“Three people dead for nothing,” said Andrada, who doesn’t believe police ever gave the three a chance to surrender. “The police said my niece and her boyfriend were selling shabu out of their home…that they had guns. So they killed them. My friend, they killed the next week because he was dealing.”
The Philippine National Police and president’s office did not immediately return calls seeking comment for this story. But government officials have said extreme tactics are necessary, given the amount of meth saturating the Philippines.
Major drug traffickers are undoubtedly targeting the country, which has a population of more than 100 million and one of the highest rates of methamphetamine use in Asia. But human rights groups point out that casualties of Duterte’s drug war include few high-volume dealers.
Rather, the dead are mostly small-time drug sellers and addicts: impoverished men and women who die wearing tattered clothes and sandals, a small amount of shabu still in their pockets. Several children have also been mistakenly killed during the crackdown, government officials have said.
“It shouldn’t be the poor or innocent who are the victims of this drug war,” said Aurora Victoria David, Alliance Secretary for the National Alliance for Filipino Concerns, an advocacy group with members in more than 23 U.S. cities, and one of numerous rights organizations calling for an end to the killings. “It’s the drug lords and drug financiers who should be tried and punished, not the needy.”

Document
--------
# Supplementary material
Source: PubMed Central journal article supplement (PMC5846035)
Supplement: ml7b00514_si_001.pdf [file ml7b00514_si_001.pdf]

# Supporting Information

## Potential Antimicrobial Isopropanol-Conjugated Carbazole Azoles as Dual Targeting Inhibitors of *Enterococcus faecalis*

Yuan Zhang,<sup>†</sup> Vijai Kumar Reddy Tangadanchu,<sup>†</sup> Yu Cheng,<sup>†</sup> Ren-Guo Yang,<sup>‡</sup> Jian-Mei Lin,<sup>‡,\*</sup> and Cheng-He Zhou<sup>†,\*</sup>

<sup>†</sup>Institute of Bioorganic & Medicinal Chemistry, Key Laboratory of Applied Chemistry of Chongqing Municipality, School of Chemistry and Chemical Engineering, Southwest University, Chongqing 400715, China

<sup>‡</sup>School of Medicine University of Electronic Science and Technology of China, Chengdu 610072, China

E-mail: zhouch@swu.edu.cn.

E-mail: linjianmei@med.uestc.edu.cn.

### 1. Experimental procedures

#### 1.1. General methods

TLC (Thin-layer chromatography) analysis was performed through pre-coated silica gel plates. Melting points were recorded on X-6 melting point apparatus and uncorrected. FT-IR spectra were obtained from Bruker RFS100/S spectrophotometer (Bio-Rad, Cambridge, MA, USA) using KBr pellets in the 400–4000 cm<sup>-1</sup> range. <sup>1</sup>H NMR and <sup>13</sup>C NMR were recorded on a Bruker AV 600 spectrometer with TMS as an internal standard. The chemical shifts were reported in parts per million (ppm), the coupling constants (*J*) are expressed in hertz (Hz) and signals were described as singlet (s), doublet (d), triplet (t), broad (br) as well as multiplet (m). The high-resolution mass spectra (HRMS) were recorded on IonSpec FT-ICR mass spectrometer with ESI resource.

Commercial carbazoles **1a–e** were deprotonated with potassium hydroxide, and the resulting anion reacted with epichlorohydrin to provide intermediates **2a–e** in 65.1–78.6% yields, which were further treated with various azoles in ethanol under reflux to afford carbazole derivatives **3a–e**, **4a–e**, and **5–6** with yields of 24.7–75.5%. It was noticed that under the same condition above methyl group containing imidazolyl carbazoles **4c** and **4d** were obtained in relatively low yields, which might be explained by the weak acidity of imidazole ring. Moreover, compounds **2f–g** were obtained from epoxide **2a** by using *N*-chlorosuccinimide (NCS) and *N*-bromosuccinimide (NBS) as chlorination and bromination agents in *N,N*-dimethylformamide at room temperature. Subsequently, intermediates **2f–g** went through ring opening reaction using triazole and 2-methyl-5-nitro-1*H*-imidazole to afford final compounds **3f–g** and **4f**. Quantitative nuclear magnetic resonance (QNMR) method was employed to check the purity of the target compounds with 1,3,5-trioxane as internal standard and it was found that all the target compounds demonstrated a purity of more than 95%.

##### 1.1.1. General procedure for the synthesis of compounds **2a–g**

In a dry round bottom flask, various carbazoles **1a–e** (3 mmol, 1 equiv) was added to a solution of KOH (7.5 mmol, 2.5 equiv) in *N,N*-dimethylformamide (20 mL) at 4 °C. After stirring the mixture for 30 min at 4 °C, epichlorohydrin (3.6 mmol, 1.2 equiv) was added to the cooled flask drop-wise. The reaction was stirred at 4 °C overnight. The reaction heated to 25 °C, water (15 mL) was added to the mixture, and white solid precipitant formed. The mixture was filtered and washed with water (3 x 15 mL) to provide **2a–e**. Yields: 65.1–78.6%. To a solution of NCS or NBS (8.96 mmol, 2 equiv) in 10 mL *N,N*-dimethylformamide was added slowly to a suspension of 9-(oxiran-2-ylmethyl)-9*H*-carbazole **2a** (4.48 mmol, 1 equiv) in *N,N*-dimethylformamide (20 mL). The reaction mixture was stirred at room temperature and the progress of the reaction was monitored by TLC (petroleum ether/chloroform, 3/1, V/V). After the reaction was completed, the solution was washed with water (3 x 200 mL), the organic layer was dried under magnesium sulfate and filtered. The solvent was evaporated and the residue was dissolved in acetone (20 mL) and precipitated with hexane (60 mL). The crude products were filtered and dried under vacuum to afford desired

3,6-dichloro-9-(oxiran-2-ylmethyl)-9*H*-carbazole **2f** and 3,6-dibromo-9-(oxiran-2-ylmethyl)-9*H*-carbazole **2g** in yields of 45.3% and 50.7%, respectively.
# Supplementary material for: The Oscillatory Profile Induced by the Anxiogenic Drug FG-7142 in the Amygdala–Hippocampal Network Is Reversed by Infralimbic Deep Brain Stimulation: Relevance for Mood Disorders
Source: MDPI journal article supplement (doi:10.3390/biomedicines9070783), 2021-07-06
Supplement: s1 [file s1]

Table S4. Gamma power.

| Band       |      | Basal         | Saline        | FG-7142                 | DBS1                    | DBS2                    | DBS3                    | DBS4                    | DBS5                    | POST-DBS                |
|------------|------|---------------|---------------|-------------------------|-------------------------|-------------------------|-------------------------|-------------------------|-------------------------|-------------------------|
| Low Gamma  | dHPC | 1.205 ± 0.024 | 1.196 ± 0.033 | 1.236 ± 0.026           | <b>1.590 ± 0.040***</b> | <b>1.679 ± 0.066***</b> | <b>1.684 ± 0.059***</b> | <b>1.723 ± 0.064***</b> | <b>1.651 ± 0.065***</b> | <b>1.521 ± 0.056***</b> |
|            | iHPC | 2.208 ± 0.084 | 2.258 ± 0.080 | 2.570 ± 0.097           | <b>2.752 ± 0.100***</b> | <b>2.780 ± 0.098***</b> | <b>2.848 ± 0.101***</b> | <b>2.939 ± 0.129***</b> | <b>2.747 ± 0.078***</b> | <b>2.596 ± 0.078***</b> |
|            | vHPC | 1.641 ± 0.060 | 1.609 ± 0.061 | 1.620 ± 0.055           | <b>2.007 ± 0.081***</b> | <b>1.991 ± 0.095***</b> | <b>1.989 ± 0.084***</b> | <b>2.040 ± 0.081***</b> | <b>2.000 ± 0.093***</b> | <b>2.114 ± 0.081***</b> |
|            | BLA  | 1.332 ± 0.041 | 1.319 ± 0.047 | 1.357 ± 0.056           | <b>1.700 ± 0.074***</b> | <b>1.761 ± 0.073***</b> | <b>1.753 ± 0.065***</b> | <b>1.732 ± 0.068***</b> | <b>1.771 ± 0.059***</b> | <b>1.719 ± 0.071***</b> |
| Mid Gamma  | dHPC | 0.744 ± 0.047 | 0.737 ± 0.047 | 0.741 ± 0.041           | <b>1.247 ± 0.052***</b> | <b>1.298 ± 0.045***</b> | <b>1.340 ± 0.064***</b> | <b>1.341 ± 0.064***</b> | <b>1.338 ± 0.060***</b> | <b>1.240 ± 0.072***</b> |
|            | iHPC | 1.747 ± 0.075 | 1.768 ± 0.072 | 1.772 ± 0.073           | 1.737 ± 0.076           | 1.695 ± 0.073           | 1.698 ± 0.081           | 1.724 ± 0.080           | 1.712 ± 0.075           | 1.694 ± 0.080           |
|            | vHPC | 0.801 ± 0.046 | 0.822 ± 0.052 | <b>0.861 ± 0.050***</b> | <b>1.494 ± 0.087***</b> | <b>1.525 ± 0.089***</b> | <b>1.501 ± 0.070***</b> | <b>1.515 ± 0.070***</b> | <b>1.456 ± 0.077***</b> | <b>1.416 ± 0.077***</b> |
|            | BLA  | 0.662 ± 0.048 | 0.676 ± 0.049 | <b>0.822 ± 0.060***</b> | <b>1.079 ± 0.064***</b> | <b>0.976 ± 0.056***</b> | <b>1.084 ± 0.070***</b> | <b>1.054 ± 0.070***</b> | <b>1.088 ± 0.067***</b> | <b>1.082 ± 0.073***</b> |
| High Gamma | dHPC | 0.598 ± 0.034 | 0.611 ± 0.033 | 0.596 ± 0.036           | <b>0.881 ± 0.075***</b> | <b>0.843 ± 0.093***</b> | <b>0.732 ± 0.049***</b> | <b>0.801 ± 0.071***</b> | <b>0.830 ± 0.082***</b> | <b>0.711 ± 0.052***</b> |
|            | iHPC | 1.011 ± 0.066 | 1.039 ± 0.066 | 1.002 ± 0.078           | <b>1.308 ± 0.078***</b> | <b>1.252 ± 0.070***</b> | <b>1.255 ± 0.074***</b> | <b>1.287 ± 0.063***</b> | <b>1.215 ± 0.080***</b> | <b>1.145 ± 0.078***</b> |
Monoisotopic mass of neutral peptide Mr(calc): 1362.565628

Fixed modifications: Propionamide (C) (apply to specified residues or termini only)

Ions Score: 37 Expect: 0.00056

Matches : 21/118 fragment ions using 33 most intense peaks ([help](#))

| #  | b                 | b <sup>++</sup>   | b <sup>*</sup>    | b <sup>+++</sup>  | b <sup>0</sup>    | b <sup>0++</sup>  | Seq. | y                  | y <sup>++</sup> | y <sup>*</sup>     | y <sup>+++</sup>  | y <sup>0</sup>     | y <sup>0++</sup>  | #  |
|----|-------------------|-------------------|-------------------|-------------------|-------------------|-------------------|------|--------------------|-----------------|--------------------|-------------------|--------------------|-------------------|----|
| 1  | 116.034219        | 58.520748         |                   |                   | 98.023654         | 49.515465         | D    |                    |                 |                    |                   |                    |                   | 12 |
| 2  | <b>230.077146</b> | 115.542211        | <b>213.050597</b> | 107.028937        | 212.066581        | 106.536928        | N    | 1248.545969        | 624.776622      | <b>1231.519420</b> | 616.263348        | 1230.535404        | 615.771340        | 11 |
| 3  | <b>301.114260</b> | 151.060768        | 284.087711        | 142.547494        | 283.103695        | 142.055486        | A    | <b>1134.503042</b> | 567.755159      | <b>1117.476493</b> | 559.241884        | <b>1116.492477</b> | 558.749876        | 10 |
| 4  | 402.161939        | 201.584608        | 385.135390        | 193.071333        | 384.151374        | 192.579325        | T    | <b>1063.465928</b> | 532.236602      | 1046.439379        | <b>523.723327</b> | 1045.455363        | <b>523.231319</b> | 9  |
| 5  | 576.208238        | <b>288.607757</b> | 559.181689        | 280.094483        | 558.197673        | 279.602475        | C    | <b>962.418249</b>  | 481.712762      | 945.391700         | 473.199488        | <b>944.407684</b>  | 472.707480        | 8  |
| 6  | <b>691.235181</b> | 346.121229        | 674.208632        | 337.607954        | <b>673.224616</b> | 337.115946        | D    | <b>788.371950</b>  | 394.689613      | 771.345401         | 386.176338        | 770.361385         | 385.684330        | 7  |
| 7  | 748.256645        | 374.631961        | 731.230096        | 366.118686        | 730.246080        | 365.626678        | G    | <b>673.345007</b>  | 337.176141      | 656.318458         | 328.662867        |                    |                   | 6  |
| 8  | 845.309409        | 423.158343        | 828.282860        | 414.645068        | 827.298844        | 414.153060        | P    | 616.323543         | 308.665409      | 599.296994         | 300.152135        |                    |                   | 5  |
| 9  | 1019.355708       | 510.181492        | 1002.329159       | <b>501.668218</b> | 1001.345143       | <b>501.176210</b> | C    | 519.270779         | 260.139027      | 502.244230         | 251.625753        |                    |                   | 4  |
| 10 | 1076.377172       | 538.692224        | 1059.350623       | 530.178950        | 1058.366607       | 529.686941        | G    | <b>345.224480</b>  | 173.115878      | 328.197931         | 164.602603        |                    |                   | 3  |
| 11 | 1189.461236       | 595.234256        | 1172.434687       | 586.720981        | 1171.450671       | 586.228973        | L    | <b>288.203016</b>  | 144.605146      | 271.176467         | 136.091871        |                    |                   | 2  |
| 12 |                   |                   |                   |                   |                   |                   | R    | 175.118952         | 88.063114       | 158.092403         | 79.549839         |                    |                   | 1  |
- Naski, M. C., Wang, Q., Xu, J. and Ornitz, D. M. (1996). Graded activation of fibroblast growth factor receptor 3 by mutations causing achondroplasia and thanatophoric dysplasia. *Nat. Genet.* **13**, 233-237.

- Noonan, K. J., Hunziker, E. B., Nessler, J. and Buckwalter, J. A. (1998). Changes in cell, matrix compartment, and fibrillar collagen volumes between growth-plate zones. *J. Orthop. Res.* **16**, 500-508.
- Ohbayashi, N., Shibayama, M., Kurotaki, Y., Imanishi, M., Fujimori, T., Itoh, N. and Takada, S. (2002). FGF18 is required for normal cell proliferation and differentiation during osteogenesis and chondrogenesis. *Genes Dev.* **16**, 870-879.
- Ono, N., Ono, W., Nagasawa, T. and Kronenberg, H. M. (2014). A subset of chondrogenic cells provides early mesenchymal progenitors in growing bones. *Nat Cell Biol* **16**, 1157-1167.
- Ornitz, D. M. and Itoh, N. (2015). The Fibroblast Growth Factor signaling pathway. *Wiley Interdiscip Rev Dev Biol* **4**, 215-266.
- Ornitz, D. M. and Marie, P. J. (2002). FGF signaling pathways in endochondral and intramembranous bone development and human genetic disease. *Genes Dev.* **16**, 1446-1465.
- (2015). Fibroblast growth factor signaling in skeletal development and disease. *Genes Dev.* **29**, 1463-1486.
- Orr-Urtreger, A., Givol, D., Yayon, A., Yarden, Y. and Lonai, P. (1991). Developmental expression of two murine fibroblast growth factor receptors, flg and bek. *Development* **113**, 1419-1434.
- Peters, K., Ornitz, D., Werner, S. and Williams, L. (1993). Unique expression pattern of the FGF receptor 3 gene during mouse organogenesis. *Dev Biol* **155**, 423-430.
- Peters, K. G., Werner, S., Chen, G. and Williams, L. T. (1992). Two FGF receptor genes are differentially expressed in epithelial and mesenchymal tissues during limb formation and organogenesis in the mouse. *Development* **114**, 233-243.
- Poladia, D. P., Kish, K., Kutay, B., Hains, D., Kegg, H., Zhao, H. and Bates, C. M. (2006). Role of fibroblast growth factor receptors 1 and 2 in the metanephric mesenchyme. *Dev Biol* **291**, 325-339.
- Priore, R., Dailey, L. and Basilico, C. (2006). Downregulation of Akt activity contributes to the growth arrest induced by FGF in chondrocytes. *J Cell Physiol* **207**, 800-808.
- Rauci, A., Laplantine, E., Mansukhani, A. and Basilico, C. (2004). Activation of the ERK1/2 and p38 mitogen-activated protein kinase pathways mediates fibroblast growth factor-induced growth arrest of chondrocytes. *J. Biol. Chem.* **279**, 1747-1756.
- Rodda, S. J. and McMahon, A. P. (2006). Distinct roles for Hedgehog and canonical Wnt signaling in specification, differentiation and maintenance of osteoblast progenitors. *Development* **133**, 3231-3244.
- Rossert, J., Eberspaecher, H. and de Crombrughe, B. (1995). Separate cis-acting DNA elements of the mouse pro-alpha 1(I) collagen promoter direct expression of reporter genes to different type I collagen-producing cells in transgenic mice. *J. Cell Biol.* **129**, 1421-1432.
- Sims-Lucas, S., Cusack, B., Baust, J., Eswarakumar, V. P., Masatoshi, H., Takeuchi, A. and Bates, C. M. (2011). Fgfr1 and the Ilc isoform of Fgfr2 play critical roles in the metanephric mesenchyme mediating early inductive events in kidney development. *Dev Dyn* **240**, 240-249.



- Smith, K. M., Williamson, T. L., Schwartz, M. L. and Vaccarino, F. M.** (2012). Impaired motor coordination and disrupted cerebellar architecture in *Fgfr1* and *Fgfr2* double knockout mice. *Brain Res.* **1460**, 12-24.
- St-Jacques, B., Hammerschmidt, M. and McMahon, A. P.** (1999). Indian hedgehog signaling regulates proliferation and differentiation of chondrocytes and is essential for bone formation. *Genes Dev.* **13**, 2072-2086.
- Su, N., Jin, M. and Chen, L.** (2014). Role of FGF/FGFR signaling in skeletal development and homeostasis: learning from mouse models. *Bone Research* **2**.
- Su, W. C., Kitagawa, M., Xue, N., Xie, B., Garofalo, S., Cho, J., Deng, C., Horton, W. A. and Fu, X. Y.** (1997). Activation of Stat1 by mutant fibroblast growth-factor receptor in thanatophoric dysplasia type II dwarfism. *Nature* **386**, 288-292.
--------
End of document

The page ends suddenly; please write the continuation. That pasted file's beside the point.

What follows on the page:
For Filipino New Yorkers who’ve lost family in the crackdown, there is a sense that there’s little they can do for their countrymen, except pray.
“I had to see my brother lying there after he was massacred,” she said. “I don’t want anyone else to go through that, so I ask God to stop it. But in my heart I know: Only Duterte can stop this.”
Kevin Deutsch is author of The Triangle: A Year on the Ground With New York’s Bloods and Crips, as well as the forthcoming Pill City: How Two Honor Roll Students Foiled the Feds and Built a Drug Empire.
Editors’ Note: After The Baltimore Sun and iMediaEthics were unable to locate sources quoted by the author Kevin Deutsch in his previous work, the Voice asked Deutsch to provide his notes for this story. The Voice has yet to receive them, and we are conducting our own review of Deutsch’s reporting.